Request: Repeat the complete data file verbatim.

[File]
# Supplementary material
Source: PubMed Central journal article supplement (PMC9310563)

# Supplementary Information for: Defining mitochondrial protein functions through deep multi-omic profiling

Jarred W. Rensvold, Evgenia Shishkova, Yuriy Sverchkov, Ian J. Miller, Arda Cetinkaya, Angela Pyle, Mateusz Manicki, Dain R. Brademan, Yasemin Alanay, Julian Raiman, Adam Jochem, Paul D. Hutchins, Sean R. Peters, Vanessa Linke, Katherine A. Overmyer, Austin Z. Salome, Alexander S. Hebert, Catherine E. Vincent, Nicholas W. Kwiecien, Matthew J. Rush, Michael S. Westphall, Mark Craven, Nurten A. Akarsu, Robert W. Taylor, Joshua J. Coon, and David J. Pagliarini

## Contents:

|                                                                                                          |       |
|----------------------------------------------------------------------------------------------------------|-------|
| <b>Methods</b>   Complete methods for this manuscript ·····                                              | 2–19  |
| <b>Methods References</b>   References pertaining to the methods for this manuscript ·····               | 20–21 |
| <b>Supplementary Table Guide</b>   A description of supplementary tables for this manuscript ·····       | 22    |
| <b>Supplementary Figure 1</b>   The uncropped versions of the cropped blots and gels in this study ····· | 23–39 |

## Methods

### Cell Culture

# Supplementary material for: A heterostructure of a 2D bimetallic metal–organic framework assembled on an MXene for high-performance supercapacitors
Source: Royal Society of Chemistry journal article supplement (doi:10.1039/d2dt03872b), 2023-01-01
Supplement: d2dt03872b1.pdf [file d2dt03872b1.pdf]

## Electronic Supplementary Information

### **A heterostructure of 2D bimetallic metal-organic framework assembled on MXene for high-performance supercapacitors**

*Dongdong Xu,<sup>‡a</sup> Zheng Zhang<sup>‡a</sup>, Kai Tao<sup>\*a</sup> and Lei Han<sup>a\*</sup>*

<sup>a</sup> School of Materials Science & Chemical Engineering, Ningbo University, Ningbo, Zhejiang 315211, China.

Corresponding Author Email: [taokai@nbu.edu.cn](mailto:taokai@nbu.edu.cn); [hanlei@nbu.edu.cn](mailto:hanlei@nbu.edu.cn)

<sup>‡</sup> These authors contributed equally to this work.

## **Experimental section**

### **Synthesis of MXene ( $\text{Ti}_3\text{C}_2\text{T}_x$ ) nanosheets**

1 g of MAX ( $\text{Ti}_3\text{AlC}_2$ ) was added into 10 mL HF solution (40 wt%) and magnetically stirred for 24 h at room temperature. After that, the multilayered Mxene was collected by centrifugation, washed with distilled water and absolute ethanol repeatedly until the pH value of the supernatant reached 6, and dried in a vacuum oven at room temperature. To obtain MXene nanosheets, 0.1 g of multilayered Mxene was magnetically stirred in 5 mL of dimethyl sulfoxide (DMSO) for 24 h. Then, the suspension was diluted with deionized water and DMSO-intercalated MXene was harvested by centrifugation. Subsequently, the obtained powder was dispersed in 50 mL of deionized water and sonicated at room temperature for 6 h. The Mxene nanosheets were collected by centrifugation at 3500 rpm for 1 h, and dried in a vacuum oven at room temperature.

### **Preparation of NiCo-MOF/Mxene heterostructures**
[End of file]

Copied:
# Supplementary material
Source: PubMed Central journal article supplement (PMC9310563)

# Supplementary Information for: Defining mitochondrial protein functions through deep multi-omic profiling

Jarred W. Rensvold, Evgenia Shishkova, Yuriy Sverchkov, Ian J. Miller, Arda Cetinkaya, Angela Pyle, Mateusz Manicki, Dain R. Brademan, Yasemin Alanay, Julian Raiman, Adam Jochem, Paul D. Hutchins, Sean R. Peters, Vanessa Linke, Katherine A. Overmyer, Austin Z. Salome, Alexander S. Hebert, Catherine E. Vincent, Nicholas W. Kwiecien, Matthew J. Rush, Michael S. Westphall, Mark Craven, Nurten A. Akarsu, Robert W. Taylor, Joshua J. Coon, and David J. Pagliarini

## Contents:

|                                                                                                          |       |
|----------------------------------------------------------------------------------------------------------|-------|
| <b>Methods</b>   Complete methods for this manuscript ·····                                              | 2–19  |
| <b>Methods References</b>   References pertaining to the methods for this manuscript ·····               | 20–21 |
| <b>Supplementary Table Guide</b>   A description of supplementary tables for this manuscript ·····       | 22    |
| <b>Supplementary Figure 1</b>   The uncropped versions of the cropped blots and gels in this study ····· | 23–39 |

## Methods

### Cell Culture

# Supplementary material for: A heterostructure of a 2D bimetallic metal–organic framework assembled on an MXene for high-performance supercapacitors
Source: Royal Society of Chemistry journal article supplement (doi:10.1039/d2dt03872b), 2023-01-01
Supplement: d2dt03872b1.pdf [file d2dt03872b1.pdf]

## Electronic Supplementary Information

### **A heterostructure of 2D bimetallic metal-organic framework assembled on MXene for high-performance supercapacitors**

*Dongdong Xu,<sup>‡a</sup> Zheng Zhang<sup>‡a</sup>, Kai Tao<sup>\*a</sup> and Lei Han<sup>a\*</sup>*

<sup>a</sup> School of Materials Science & Chemical Engineering, Ningbo University, Ningbo, Zhejiang 315211, China.

Corresponding Author Email: [taokai@nbu.edu.cn](mailto:taokai@nbu.edu.cn); [hanlei@nbu.edu.cn](mailto:hanlei@nbu.edu.cn)

<sup>‡</sup> These authors contributed equally to this work.

## **Experimental section**

### **Synthesis of MXene ( $\text{Ti}_3\text{C}_2\text{T}_x$ ) nanosheets**

1 g of MAX ( $\text{Ti}_3\text{AlC}_2$ ) was added into 10 mL HF solution (40 wt%) and magnetically stirred for 24 h at room temperature. After that, the multilayered Mxene was collected by centrifugation, washed with distilled water and absolute ethanol repeatedly until the pH value of the supernatant reached 6, and dried in a vacuum oven at room temperature. To obtain MXene nanosheets, 0.1 g of multilayered Mxene was magnetically stirred in 5 mL of dimethyl sulfoxide (DMSO) for 24 h. Then, the suspension was diluted with deionized water and DMSO-intercalated MXene was harvested by centrifugation. Subsequently, the obtained powder was dispersed in 50 mL of deionized water and sonicated at room temperature for 6 h. The Mxene nanosheets were collected by centrifugation at 3500 rpm for 1 h, and dried in a vacuum oven at room temperature.

### **Preparation of NiCo-MOF/Mxene heterostructures**